"Now, I know what you're all thinking: when a man outsources his childcare, nobody bats an eyelid—and here we are laughing at a single mom who made it and just wants to lean in. That's a fair point—but it shouldn't make us feel any less bad for the nanny," Poppy Noor wrote for The Guardian.

While there is no denying that this CEO's job description is super specific, the person who gets the gig may actually feel lucky. This mom's job post was incredibly detailed but she's also willing to pay incredibly well for a person who fits her household's exact needs, and in a country where most nannies are making less than Amazon delivery drivers, that's a good thing.

In an interview with Slate's Ruth Graham, the anonymous CEO explained she planned to pay $35 to $40 an hour, along with time and a half for overtime. Even without overtime that's a yearly salary of $72,800 to $83,200—with free rent and a car to use.

"And if the person wanted, they could live in our pool cottage, and the rental value for that is about $3,000 a month. They'd get a car that they could use exclusively for themselves; that's valued at about $800 a month. There'd be paid days off, paid holidays, vacation pay, health benefits and the person would get to travel with us. We do some pretty cool vacations. We go to Europe a lot. We always stay in really nice places and have a lot of fun. And we travel to Hawaii, Central America. And when that person would be traveling, that person would only be working eight to nine hours a day," she tells Graham.

The single CEO explained that what she's looking for is a "wife type" nanny, someone who can essentially act as her family's second parent. The ability to eat duck eggs or whatever isn't as important this person's ability to do "to do research, to make good decisions."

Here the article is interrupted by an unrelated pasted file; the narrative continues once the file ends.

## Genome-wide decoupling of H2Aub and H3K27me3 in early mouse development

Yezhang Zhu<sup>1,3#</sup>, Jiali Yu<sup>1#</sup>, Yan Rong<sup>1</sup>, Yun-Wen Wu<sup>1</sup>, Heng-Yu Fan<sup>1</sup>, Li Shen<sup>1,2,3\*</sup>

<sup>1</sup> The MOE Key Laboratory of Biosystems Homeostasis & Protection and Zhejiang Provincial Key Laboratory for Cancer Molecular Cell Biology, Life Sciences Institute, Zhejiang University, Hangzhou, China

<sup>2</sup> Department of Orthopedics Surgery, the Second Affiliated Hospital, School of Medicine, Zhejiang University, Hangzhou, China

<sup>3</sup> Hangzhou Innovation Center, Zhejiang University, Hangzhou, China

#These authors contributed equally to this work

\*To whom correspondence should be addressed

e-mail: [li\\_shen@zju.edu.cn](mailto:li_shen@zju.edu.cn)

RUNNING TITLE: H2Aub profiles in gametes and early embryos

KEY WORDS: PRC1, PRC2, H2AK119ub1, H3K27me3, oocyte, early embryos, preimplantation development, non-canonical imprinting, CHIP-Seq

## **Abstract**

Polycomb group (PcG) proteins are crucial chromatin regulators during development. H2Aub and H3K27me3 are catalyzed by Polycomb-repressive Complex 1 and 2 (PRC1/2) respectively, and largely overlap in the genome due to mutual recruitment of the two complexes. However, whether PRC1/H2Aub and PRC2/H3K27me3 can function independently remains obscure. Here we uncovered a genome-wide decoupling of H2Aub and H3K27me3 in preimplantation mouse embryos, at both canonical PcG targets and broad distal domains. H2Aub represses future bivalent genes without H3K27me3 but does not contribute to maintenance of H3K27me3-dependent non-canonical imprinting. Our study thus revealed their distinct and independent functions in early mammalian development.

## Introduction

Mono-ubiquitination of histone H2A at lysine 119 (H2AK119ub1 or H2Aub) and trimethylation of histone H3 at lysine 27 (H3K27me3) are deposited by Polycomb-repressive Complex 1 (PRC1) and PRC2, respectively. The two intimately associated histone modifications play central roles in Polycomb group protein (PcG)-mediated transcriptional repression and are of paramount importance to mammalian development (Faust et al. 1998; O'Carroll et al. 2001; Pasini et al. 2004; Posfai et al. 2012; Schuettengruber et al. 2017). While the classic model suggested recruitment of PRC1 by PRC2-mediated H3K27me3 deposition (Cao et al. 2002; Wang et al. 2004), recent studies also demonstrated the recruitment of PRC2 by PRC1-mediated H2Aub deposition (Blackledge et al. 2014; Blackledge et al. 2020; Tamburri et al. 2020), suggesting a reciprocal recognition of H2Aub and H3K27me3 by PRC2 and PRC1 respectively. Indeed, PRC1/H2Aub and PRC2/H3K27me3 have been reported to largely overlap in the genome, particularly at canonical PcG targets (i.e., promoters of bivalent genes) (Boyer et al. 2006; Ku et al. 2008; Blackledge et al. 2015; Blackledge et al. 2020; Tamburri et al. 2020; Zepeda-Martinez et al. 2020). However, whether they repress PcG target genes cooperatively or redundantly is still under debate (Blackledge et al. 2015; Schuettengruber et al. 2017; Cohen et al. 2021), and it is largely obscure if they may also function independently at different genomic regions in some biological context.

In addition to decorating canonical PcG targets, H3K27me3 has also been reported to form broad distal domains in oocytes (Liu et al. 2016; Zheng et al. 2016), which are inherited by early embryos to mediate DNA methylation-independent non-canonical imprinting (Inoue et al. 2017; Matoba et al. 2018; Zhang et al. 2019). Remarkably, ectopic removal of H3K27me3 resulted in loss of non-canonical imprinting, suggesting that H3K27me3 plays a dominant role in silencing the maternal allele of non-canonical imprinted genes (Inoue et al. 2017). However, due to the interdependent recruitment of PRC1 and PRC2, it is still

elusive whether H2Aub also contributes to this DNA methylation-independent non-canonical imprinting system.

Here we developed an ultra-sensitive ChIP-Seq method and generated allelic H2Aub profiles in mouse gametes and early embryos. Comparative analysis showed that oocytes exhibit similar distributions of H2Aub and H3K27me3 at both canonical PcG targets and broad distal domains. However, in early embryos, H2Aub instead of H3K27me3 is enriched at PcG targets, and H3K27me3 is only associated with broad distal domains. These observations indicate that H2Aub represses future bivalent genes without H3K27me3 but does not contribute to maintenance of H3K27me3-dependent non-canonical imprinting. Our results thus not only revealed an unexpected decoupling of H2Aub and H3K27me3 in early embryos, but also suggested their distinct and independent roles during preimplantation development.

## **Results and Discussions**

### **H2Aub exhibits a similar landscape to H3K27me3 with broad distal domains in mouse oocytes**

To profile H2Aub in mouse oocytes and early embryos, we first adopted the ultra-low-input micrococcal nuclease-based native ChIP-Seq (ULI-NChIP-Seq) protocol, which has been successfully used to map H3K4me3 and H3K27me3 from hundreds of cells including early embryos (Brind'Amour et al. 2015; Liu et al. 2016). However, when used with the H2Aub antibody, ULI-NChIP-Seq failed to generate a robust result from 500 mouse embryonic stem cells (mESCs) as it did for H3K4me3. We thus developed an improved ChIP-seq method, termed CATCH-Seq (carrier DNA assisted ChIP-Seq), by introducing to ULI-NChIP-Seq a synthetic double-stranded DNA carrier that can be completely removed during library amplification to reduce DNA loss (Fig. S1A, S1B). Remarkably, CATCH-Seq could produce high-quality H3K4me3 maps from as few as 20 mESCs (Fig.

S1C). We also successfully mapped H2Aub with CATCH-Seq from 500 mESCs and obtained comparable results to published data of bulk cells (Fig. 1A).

She rejects the idea that she's seeking some kind of imaginary unicorn of a nanny and insists the qualities she's describing are common in women in caring roles but undervalued by society.

"It's intelligence, education, analytical skills, thoughtfulness. That's not like a superwoman or super nanny. Most of the moms you know probably have all of that," she tells Graham.

This checks out. Most of the parents at the CEO level are men who have a partner at home, and according to, if a stay-at-home mom were paid for all their unpaid labor they would earn upwards of $162,581 per year.

Most households already have what this mama is looking for, but the household manager is not paid.

According to Oxfam, the unpaid care work done by women has an economic value of $10.8 trillion per year, it benefits the global economy drastically and is helping billionaires get richer. "Women are supporting the market economy with cheap and free labor and they are also supporting the state by providing care that should be provided by the public sector," the report notes.

So instead of mom-shaming this woman for looking for help we should be learning from this listing.

According to Jim Moran, Associate Professor of Strategic Management at Florida State University, "only about 5% of Standard & Poor's 500 companies have female CEOs." Writing for The Conversation, Moran notes that "there simply are fewer women at these senior levels because of social factors. For example, women perform more family duties than men do. And the need for maternity leave and absences to care for sick children hurts women's careers."

The problem with this viral posting isn't that the female CEO in Menlo Park is too demanding, it's that care work is so undervalued by our society that it's not even seen as work. There's this expectation that mothers can do everything (while still working in paid jobs and contributing to the economy), but we can't. Not without help.

For a CEO, help looks like an $80,000 earning, duck egg-eating, river swimming nanny. For the rest of us, it looks like affordable childcare, paid leave, and addressing the cultural expectations that contribute to mental stress.